As presented, the 3 Rs are easily applicable to water.  The next question is whether or not others will agree.

When I speak of water reuse or recycling, listeners often wrinkle their noses in a display of disgust.  Understandably, the word “wastewater” tends to have negative preconceptions associated with it.  But if you are familiar with the treatment operations at water reclamation facilities, you know filtration equipment removes trash, solids, and inorganic compounds from the influent.  Microorganisms handle the removal of phosphorus, nitrates, and other undesirable elements.  Ultraviolet rays provide an additional layer of disinfection.  The remaining end product is typically cleaner than the source water it is added back to.  Any of the ickiness factor one links with the idea of wastewater reuse washes away during treatment.

If you go deeper, we can imagine the places our water may have been before it is in our drinking glass.  The water molecule you shower with may have once been inside a rabbit.  Your coffee may contain water that percolated down through someone’s septic drainfield.  Water has been recycled and reused from the dawn of time.  When it is properly treated, we have very little fear of becoming ill as a result of reusing these well-traveled molecules.

The point is, we already practice the 3 Rs in relation to water without thinking about it.  We must continue to reduce our demands on the water supply.  It is time for us to investigate innovative applications for wastewater reuse and put the ideas into action.  We need to ensure that wastewater is properly treated worldwide so only the cleanest water is available for recycling.  All of this can done.  We simply need to recognize that there is no such thing as wastewater, but rather only wasted water.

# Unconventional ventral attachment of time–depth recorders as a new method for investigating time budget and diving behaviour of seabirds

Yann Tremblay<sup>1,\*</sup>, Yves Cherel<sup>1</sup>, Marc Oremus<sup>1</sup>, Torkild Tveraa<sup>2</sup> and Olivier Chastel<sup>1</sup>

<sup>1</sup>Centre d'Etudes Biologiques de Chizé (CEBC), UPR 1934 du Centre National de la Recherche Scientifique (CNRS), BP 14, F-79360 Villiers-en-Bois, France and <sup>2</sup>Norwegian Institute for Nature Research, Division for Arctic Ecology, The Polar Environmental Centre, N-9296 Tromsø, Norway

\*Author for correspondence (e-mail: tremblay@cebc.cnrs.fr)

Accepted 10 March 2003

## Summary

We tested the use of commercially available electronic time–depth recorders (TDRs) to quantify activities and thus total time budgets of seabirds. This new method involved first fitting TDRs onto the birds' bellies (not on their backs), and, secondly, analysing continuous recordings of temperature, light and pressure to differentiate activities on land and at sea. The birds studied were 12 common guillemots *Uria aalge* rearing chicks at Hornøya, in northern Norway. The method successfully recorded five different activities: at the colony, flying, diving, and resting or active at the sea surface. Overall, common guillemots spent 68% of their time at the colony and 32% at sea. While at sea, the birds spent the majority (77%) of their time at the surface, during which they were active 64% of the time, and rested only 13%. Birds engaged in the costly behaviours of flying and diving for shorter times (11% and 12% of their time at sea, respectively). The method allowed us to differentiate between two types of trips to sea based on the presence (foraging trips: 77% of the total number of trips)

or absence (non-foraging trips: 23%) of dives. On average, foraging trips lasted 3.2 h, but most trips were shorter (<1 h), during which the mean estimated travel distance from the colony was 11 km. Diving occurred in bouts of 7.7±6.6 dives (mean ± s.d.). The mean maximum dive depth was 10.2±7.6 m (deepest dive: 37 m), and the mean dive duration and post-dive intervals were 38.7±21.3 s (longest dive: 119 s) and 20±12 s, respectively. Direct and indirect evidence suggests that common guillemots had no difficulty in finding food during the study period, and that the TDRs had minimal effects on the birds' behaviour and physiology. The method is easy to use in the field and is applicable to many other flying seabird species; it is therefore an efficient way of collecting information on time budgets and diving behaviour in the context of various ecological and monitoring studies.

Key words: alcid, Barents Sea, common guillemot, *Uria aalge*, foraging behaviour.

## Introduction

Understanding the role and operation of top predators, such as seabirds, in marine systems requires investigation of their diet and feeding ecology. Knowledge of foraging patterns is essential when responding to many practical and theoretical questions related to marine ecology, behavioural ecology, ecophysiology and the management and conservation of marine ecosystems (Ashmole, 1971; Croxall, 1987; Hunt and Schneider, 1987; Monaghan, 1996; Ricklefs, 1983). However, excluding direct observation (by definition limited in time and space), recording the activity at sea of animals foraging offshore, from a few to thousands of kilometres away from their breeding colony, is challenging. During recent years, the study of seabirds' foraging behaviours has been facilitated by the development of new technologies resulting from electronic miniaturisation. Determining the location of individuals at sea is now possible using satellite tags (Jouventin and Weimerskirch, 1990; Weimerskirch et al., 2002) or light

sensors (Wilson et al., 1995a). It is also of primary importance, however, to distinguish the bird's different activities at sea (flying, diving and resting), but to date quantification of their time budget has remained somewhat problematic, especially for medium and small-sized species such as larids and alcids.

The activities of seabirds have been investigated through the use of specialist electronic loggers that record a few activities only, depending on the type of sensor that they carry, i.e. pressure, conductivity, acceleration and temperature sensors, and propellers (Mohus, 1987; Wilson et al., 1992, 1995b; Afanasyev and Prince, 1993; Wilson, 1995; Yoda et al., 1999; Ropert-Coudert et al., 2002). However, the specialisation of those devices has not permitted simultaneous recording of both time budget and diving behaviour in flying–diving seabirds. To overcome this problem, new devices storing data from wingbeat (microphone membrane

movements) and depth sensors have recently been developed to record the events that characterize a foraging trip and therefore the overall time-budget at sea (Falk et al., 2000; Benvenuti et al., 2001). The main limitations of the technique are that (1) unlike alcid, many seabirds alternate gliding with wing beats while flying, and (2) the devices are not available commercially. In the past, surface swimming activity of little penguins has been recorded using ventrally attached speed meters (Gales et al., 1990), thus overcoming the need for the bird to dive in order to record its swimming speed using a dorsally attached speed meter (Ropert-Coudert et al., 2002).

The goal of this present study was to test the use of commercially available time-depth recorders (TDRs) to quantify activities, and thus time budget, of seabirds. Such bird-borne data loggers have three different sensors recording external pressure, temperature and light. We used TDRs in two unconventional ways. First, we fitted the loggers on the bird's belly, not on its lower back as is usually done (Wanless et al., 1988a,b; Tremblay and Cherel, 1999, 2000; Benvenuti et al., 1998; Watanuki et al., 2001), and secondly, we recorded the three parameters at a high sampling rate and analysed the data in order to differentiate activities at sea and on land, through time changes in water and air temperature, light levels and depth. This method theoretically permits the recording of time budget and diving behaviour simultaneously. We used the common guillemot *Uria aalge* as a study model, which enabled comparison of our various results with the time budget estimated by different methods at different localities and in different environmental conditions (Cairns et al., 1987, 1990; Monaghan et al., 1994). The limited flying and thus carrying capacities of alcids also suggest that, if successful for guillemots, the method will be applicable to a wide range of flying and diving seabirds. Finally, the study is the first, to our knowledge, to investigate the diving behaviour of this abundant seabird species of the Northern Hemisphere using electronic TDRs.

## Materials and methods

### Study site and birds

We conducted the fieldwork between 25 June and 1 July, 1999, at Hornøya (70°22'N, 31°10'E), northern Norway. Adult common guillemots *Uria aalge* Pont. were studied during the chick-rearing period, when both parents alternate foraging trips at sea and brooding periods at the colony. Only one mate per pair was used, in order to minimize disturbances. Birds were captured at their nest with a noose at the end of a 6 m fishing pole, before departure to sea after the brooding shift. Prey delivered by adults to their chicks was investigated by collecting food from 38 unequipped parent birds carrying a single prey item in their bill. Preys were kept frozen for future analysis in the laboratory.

1 On average, high-income countries treat about 70% of the wastewater they generate, while that ratio drops to 38% in upper-middle-income countries and to 28% in lower-middle-income countries. In low-income countries, only 8% of industrial and municipal wastewater undergoes treatment of any kind (Sato et. al, 2013).

3 Reasons the Clean Water Rule is Important to Athens, GA & Beyond

Today’s blog shares the opinion from Laurie Loftin, who is not a lawyer

Over the past year, you may have heard the EPA’s Clean Water Rule, also known as the Water of the US Rule (WOTUS), is under attack.  Much debate has been raised as to whether or not the measure is unconstitutional.  Opponents suggest the rule is an example of the federal government’s overreach and fondness of regulations.  The current White House hopes to roll back the rule.  Georgia is one of 31 states issuing a challenge in federal court.

cwr_both-pages_final-1_page_2

Infographic of potential protections & excluded features.  Click here to read this without glasses

So what is going on here?  Should you be concerned about this?  How does this affect you and others who live in Athens, GA?

I am not a lawyer, so I cannot speak to the legal merits of the Clean Water Rule.  I am, however, a human being dependent upon clean water.  I desire clean water.  I work for a utility whose mission is to provide this resource to our community.  I want to know what the Clean Water Rule – or the lack thereof – means to me.

Before I could determine how the Clean Water Rule (CWR) will impact my daily life, I did a
bit of research to gain understanding.  Let me share by starting with some brief history.  What we know as the Clean Water Act (CWA) was actually an amendment to the Federal Water Pollution Control Act of 1948.  In 1969 the Cuyahoga River in Ohio caught fire.  Yes, water actually caught fire.  The filthy conditions of this river “water” helped jump-start the environmental movement.  The EPA was born in 1970, followed soon after by what we now call the Clean Water Act in 1972.